Learn more about teaching writing with nursery rhymes. See Text Structures From Nursery Rhymes by Gretchen Bernabei from Corwin Publishing.
For years, we have recognized the value of nursery rhyme lessons, even beyond the treasure of lap-time entertainment: rhyme and rhythm can boost kids’ cognitive development; the rich language gives children vocabulary nuggets; children who know nursery rhymes become good readers. This information is not new.
But we are just beginning to see another powerful gift from nursery rhymes—in building young writers. (Learn more about this topic from our Facebook Live event.)
Using the structures from the nursery rhymes, we can show students how writers move from one point to another. It’s simple, it’s natural, and it’s fun. But these structures also acquaint students with a huge range of topics, giving them a wide variety of ways to use their words in many different situations. Here are a few examples.
1. Naming feelings
Many nursery rhymes deal with feelings that all children experience.
After reading and exploring the text from Old Mother Hubbard, for example, we brainstorm with students about their own disappointments: when the store didn’t have what they were looking for, when a movie wasn’t showing any more, when a restaurant was closed.
Then, making up one sentence for each of the boxes below, we have a tiny essay. A kernel essay, like this one:
We drove to the store.
My mom was going to buy me some black tennis shoes.
They didn’t have them in my size.
I felt so disappointed.
2. Building problem-solving skills
There are many ways to talk through problems. This structure shows one way.
With students, we read Jack Sprat and explore the nursery rhyme. Jack and his wife had that terrible problem—he didn’t want to eat fat meat, and she didn’t want to eat lean meat. We can see how they solved their problem, and that takes us to our own lives. We turn the reading into writing, now exploring how this may have happened in our own lives. Sandwiches with or without the crusts, cookie outsides/cookie fillings, donuts/donut holes. Students can talk through or write down their own win-wins, whether it’s about food or something else.
I like to hear music, but I don’t like to sing.
My sister likes to sing.
She sings to me on our road trips.
3. Developing empathy
Essential to a civilized world is the ability to put ourselves into other people’s shoes. Many nursery rhymes offer us a chance to be curious about others and imagine their outlook.
For example, there’s Little Tommy Tucker. After we read it and enjoy the language, the rhythms, the silliness of it, we look again at the structure. We brainstorm with our students about times we have seem someone do something that made us curious.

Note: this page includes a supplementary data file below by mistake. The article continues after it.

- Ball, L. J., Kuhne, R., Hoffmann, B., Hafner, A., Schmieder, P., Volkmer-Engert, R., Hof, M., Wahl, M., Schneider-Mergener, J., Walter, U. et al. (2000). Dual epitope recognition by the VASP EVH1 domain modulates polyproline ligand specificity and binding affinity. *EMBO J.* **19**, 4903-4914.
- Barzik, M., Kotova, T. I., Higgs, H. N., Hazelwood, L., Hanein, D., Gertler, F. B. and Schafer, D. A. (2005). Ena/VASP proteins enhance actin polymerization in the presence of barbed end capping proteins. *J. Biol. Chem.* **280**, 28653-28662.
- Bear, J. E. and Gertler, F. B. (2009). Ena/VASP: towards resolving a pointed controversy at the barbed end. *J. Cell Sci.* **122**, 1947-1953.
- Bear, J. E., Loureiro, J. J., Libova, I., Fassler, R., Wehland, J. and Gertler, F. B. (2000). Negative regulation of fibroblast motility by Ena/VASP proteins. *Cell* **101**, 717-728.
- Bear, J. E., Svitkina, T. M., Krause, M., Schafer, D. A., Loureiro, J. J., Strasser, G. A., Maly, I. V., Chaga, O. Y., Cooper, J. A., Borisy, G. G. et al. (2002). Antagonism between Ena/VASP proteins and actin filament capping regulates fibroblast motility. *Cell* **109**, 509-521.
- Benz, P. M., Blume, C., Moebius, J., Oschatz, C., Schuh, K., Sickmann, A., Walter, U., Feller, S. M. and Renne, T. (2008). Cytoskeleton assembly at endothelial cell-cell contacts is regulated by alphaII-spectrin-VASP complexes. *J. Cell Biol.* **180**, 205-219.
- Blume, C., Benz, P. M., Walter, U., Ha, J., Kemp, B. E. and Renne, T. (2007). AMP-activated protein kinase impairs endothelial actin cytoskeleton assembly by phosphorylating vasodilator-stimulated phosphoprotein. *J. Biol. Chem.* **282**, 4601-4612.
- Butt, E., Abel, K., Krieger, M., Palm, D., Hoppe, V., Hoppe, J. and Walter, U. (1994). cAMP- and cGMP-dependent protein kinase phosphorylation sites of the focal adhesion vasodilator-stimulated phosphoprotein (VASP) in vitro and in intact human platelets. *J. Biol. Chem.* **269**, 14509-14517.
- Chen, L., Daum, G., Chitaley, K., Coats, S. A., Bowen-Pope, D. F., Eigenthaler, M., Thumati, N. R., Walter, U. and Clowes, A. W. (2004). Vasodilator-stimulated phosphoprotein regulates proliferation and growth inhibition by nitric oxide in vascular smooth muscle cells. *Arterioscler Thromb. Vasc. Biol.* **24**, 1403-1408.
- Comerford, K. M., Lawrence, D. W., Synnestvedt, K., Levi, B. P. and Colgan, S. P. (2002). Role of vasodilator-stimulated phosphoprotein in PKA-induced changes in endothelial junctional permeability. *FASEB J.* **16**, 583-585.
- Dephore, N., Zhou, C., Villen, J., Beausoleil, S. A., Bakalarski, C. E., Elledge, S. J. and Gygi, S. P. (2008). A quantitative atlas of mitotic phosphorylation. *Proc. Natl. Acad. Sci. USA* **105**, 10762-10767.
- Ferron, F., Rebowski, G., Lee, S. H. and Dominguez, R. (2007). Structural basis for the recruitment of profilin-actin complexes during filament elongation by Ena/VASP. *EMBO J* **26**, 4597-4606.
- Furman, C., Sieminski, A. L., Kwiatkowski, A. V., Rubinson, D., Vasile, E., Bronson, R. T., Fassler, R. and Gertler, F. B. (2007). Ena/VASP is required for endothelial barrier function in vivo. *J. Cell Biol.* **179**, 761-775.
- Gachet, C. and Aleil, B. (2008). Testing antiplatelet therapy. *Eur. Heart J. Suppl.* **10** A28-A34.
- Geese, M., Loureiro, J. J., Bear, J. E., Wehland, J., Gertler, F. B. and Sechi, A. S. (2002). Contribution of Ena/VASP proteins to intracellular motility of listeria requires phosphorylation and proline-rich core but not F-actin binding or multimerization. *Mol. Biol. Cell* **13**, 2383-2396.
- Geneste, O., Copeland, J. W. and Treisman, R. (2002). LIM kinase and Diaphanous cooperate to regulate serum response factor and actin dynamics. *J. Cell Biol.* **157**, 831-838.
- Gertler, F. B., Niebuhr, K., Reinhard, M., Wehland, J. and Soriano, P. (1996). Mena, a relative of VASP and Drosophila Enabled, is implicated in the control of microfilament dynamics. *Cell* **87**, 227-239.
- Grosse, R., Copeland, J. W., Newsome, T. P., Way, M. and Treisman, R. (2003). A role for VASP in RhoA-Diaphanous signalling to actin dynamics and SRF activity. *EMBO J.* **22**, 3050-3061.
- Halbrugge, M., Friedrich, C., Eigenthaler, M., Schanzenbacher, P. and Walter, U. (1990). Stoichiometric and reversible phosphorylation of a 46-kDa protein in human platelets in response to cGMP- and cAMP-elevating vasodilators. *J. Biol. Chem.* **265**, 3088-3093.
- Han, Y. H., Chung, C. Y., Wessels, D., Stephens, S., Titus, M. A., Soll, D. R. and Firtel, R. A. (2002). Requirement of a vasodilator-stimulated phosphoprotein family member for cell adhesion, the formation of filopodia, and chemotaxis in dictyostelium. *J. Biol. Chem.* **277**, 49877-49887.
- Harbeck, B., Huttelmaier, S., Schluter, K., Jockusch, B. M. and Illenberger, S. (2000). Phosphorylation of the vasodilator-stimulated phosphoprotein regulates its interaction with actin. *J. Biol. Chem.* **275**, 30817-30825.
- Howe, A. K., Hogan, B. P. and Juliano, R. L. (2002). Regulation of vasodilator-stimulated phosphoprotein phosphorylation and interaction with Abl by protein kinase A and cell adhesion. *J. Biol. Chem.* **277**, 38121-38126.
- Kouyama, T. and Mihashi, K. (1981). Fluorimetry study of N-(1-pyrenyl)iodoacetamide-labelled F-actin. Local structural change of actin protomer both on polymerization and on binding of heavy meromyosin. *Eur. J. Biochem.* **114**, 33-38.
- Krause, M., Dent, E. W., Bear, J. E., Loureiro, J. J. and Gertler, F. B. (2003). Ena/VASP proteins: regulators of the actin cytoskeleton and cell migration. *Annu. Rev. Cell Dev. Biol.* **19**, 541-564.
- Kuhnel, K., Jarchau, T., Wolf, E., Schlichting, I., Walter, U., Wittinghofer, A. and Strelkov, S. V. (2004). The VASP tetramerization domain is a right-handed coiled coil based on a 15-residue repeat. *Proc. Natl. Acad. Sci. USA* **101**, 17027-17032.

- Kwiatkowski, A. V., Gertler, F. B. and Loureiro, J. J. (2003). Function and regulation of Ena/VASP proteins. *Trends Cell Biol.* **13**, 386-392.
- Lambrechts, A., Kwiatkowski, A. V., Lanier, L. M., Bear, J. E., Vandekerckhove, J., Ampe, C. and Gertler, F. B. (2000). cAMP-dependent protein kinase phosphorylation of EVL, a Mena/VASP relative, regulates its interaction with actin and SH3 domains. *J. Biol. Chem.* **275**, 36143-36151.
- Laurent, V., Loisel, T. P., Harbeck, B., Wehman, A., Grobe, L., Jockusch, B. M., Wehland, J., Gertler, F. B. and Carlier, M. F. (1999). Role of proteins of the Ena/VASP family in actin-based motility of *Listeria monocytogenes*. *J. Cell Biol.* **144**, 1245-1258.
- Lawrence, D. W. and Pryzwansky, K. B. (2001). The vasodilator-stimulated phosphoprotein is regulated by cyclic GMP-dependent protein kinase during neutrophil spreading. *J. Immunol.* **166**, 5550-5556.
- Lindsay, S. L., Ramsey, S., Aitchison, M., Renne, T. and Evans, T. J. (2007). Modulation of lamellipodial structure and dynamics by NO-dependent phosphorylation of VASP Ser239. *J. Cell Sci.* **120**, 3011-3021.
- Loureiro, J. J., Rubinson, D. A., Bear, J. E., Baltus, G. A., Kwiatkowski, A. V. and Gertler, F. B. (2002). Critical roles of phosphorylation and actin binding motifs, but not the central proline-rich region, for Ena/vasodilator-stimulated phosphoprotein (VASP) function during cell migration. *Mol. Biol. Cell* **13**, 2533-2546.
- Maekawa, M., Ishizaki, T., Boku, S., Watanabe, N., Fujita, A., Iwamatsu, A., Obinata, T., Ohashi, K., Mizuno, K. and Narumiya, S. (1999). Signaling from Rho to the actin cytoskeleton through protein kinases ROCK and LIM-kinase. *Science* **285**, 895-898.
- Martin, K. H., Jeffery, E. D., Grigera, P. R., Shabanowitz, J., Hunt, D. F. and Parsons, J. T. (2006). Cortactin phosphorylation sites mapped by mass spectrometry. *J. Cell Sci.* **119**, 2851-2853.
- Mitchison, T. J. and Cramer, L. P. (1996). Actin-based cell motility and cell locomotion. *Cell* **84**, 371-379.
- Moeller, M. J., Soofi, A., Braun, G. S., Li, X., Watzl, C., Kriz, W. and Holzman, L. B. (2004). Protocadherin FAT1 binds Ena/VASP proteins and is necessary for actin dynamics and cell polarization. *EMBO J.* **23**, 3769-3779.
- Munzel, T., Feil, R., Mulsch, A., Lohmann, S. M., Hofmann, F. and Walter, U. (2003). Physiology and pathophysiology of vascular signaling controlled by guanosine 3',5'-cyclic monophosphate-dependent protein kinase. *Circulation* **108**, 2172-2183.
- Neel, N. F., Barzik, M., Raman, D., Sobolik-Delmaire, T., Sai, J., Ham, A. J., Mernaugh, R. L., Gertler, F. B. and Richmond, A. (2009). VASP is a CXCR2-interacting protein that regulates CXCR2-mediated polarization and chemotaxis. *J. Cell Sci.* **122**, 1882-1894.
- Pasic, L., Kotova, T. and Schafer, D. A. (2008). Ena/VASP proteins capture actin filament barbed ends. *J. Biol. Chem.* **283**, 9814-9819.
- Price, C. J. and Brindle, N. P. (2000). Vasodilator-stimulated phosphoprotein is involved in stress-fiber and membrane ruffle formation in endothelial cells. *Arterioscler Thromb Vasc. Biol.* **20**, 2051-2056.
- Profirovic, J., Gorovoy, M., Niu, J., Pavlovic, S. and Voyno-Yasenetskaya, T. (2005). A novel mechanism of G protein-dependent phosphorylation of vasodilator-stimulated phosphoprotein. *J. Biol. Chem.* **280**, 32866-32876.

The lady at the drive-through window was laughing when she gave us our food.
What was funny?
Does she always have fun and laugh, even while she’s not at work?
Does she have laughing children?
4. Explaining information
One of the key goals in school is information processing, both taking it in and explaining it to others. Many nursery rhymes have structures useful for this expository writing.
After reading about Mary’s little lamb, students can brainstorm their own favorite possessions and follow the structure from the nursery rhyme to compose their own expository kernel essay.
I have a little blanket.
It’s green and fuzzy.
I sleep with it every night.
When my mother was expecting me, someone gave it to her at a shower.
5. Rehearsing for academic writing
Are there long-term benefits of using these structures? Will children grow out of them? No. We use structures like these all the way through our lives. But now students will already be playing and talking with the same processes they will be using later in school, in their professions, and as citizens—organizing language into chunks to accomplish an objective.
There Was an Old Woman Who Lived in a Shoe and the Declaration of Independence? Nearly the same structure. There is no limit to what we accomplish when we use our words. And nursery rhymes offer us a wonderful beginning.
What do you think, teachers? Do you use nursery rhymes in the classroom? Would you try incorporating nursery rhyme lessons into writing workshop? You can learn more about how Gretchen Bernabei uses nursery rhymes to teach writing in her new book, Text Structures From Nursery Rhymes.